As far as the single-player experience goes, there’s plenty to do to keep you occupied. There are the training stages, all of which have times to beat and becomes much more difficult as you progress. Then there’s the campaign mode, where you meet a set of acquired objectives given to you on each level. The campaign mode also has hidden wanted posters for you to collect that will unlock assassination challenges. These challenges set up a more puzzle-focused element to take out your target that will certainly have you scratching your head a few times. There’s even a gang of extra levels to take on, including a pixelated prison break scenario as a reference to The Escapist. Completing any of these modes will reward you with hats, voicebanks, celebration dances, and more, for you to give your team of worms some identity.
As much as I personally enjoy the single-player stuff, it’s the multiplayer element that always pulls me back to a Worms game. The great thing about Worms W.M.D is how much you can customise your gameplay preferences. Pretty much everything can be adjusted to suit your gameplay needs including eight worm teams, adding or disabling weapons, how many turns it takes to activate said weapons, health adjustments… the list just goes on and on. I personally like to create a gameplay mode to reflect that of the 1995 original. By disabling the recovery time so that worms can’t move once they have used a weapon as well as turning the mine fuse off, so they will blow up as soon as you touch them. Honestly, with a bit of adjustment and experimentation, you can pretty much set up your perfect take on unorthodox Chess.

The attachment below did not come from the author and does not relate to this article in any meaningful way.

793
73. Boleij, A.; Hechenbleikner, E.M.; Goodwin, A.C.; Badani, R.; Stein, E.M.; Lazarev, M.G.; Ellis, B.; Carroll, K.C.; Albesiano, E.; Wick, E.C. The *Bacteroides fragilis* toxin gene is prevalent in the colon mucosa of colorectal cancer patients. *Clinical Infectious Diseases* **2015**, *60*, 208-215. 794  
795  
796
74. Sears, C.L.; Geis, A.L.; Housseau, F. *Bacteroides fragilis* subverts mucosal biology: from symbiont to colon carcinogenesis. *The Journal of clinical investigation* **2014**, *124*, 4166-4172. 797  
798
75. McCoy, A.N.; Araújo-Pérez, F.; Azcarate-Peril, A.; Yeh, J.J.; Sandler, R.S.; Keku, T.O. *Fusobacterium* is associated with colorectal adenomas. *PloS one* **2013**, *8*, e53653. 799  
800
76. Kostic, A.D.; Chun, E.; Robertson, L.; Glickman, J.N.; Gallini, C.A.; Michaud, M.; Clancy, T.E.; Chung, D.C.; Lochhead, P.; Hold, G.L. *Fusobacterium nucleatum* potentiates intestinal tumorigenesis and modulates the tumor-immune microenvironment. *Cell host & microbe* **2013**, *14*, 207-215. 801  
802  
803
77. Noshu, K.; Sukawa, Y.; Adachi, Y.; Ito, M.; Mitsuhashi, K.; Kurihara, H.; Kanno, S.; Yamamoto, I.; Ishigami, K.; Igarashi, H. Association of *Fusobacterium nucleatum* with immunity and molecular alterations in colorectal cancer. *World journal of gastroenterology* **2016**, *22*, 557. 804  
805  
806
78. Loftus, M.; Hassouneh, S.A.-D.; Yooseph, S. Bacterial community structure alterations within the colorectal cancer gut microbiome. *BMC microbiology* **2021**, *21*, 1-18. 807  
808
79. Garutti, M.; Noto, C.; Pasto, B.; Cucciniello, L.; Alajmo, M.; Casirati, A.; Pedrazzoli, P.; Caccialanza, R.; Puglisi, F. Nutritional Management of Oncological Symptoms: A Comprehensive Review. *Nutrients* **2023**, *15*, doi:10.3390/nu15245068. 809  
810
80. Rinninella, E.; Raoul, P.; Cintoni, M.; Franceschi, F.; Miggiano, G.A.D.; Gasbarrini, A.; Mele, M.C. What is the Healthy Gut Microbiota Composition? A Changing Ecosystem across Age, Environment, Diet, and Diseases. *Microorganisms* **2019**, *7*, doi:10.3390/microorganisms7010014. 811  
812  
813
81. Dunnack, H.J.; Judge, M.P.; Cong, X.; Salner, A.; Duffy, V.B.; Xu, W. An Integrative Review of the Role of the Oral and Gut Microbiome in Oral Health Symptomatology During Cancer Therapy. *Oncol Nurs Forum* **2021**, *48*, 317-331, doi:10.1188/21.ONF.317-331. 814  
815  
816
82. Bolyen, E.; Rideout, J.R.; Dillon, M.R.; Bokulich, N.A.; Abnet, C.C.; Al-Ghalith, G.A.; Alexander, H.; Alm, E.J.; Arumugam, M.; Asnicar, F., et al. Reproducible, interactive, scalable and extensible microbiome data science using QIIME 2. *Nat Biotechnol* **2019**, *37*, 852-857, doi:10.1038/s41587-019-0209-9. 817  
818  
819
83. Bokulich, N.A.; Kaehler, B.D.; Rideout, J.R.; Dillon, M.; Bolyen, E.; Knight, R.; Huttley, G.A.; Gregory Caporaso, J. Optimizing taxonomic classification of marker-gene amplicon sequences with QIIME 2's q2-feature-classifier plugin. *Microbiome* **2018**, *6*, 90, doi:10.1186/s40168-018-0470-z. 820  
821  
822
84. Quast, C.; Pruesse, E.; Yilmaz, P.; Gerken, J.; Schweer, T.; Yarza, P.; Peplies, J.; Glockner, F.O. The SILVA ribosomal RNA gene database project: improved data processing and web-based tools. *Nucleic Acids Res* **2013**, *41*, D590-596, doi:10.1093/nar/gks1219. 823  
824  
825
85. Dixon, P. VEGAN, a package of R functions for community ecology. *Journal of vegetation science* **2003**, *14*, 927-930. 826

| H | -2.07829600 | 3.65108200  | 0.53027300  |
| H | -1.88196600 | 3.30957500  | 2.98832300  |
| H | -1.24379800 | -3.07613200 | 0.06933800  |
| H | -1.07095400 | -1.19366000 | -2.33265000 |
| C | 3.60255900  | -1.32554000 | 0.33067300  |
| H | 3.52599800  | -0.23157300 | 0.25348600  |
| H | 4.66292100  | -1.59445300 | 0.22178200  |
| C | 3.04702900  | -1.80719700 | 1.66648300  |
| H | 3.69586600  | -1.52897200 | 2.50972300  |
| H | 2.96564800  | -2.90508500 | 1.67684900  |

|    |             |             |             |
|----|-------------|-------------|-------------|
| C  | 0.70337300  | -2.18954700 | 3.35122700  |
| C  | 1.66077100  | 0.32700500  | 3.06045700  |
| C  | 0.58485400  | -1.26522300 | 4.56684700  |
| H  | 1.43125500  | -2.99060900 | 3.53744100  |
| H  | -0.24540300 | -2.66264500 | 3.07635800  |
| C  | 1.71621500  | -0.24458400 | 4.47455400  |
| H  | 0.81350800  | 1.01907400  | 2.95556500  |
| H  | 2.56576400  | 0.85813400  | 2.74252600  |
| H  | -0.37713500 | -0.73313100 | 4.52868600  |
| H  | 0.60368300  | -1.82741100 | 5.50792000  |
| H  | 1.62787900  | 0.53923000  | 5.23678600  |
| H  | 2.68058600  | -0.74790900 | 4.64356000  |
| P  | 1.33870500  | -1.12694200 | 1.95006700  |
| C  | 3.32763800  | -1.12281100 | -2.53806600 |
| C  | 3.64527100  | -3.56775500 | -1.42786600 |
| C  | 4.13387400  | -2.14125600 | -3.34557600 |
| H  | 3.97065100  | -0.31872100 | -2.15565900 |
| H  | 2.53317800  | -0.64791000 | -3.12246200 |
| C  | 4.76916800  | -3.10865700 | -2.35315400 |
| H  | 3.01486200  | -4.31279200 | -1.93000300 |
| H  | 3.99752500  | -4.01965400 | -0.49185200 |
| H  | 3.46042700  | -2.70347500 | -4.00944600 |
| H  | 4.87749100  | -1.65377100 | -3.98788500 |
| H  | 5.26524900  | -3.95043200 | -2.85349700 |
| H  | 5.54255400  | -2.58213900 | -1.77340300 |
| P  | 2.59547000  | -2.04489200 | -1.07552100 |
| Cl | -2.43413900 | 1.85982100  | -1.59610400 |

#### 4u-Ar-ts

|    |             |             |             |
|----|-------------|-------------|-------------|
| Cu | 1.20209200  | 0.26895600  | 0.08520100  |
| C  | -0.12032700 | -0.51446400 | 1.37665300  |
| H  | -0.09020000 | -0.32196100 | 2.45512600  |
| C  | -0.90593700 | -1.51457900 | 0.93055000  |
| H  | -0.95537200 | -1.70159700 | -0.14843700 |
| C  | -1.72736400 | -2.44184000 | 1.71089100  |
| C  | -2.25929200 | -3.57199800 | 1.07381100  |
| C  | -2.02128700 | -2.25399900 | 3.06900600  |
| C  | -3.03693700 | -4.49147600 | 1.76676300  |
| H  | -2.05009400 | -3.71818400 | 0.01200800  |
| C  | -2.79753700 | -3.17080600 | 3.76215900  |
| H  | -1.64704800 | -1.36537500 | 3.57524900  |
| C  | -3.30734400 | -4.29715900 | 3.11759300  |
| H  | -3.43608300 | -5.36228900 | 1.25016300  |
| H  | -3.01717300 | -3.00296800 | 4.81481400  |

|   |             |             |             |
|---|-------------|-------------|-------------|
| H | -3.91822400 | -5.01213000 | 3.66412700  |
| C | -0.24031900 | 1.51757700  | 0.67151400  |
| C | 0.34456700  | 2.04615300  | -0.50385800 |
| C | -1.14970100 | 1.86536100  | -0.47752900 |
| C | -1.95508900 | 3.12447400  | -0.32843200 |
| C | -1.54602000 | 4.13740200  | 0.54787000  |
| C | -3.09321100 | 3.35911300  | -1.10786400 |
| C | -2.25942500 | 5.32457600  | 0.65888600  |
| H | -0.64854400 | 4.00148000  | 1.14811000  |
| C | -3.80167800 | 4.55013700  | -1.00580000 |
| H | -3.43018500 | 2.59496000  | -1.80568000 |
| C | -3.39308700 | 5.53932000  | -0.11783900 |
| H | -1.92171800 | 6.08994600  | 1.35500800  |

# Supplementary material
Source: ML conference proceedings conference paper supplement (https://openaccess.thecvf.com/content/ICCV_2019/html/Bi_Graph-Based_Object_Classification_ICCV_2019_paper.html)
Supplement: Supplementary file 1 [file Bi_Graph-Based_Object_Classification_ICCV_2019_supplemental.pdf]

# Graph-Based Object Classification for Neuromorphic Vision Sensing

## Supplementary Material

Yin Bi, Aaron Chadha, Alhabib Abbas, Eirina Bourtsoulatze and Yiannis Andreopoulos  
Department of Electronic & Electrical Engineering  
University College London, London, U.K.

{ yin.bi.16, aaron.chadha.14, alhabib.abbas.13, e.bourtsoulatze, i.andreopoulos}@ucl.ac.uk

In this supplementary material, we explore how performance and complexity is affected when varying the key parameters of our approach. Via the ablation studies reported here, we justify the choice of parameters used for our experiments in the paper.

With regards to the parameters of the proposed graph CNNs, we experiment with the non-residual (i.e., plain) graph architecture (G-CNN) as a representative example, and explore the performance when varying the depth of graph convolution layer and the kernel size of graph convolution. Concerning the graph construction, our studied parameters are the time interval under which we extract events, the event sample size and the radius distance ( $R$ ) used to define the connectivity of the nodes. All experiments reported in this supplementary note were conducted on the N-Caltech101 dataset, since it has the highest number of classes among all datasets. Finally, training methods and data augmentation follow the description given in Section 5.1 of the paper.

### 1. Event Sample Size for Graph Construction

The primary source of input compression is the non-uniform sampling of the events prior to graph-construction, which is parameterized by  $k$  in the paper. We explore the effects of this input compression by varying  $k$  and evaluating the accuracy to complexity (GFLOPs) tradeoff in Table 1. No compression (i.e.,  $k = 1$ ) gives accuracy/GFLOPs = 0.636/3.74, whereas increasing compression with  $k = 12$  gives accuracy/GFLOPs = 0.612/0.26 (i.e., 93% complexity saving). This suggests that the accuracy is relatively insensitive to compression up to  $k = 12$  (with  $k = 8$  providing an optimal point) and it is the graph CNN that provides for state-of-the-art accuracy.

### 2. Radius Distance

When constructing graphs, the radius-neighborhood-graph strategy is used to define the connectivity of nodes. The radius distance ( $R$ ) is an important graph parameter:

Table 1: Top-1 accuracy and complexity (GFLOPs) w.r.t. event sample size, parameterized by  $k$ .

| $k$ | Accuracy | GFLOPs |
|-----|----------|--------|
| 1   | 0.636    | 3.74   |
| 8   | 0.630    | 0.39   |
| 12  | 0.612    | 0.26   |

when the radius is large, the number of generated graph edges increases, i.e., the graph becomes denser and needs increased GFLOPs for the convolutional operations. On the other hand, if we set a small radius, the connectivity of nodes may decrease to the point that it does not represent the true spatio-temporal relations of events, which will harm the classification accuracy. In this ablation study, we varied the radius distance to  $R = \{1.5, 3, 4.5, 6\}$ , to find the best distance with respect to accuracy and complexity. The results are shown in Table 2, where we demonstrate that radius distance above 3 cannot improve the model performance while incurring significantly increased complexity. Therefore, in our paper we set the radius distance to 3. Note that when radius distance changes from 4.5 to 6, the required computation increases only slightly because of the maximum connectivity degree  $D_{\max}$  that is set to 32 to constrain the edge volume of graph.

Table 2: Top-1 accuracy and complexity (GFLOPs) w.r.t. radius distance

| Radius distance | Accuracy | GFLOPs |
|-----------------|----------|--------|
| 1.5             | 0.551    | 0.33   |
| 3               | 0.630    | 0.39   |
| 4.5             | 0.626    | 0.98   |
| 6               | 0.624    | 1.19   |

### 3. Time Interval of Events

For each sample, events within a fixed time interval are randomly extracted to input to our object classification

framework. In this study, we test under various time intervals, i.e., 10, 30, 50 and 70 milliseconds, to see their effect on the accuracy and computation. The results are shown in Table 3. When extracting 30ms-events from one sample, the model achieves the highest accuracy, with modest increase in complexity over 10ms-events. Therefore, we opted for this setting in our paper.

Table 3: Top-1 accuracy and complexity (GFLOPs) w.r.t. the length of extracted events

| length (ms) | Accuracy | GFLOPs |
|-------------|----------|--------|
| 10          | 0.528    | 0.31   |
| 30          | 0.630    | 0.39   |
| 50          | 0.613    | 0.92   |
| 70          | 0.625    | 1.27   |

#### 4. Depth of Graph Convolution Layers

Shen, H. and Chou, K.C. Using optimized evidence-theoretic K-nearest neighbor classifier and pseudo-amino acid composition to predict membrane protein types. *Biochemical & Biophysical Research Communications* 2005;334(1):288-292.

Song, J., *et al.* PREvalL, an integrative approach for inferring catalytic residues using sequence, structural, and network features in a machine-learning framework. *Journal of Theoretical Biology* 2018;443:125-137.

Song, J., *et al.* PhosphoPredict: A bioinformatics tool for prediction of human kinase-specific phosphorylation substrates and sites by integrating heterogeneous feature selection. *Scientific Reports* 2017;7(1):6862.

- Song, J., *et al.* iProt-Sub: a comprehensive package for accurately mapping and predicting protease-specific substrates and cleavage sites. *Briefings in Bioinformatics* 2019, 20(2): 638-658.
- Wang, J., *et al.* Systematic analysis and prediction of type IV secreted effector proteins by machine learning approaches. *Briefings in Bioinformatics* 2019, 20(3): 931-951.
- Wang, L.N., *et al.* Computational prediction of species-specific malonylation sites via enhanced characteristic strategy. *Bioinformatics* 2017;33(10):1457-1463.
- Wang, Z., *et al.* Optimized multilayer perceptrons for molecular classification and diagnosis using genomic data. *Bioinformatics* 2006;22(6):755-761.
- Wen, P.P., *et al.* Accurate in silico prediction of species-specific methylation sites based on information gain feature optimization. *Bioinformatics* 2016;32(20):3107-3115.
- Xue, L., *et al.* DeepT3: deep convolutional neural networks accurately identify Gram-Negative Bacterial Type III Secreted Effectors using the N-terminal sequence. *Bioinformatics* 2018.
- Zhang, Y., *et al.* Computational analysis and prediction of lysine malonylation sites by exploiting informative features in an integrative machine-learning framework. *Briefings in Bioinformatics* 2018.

Worms W.M.D is also by far the best looking game of the franchise. Its familiar 2D hand-drawn art style looks beautiful and the animations give the worms more character than ever. Even the auto-generated landscapes look detailed enough not to seem random in design. You can hide inside buildings now, which uncovers its inner interior when it’s your turn to move. This is a great design choice that genuinely enhances the gameplay, it’s also pretty cool when you stumble inside a building without realising you can even enter it.
The sound design has been paid attention to aswell, along with music that fits the game perfectly. I particularly liked how a worm would speak into a radio when sat inside a mech awaiting your commands. Playing with a single Joy-Con works well enough for multiplayer action and makes clever use of utilising the ZL, ZR and shoulder buttons that get so commonly ignored when used in this fashion. The HD Rumble has been implemented incredibly well also, especially when controlling vehicles. The rumble of the engine in your hands feels so good that you can actually believe that you are controlling a small tank.
Finally, a true sequel that stands on the same playing field as Worms: Armageddon. It’s the most customisable game in the series yet with added mechanics that actually improve the gameplay. The experience is great regardless of how you play it, but nothing quite beats a room full of mates in stitches after you completely miss-time a Holy Hand Grenade. If you don’t have any mates around, then you can always take your little army online to rank up or earn a new gravestone in the campaign. Either way, it’s safe to say that Worms W.M.D is the best sequel the genre has had in years. Let’s just hope Team17 doesn’t break the experience by bombarding it with paid downloadable content.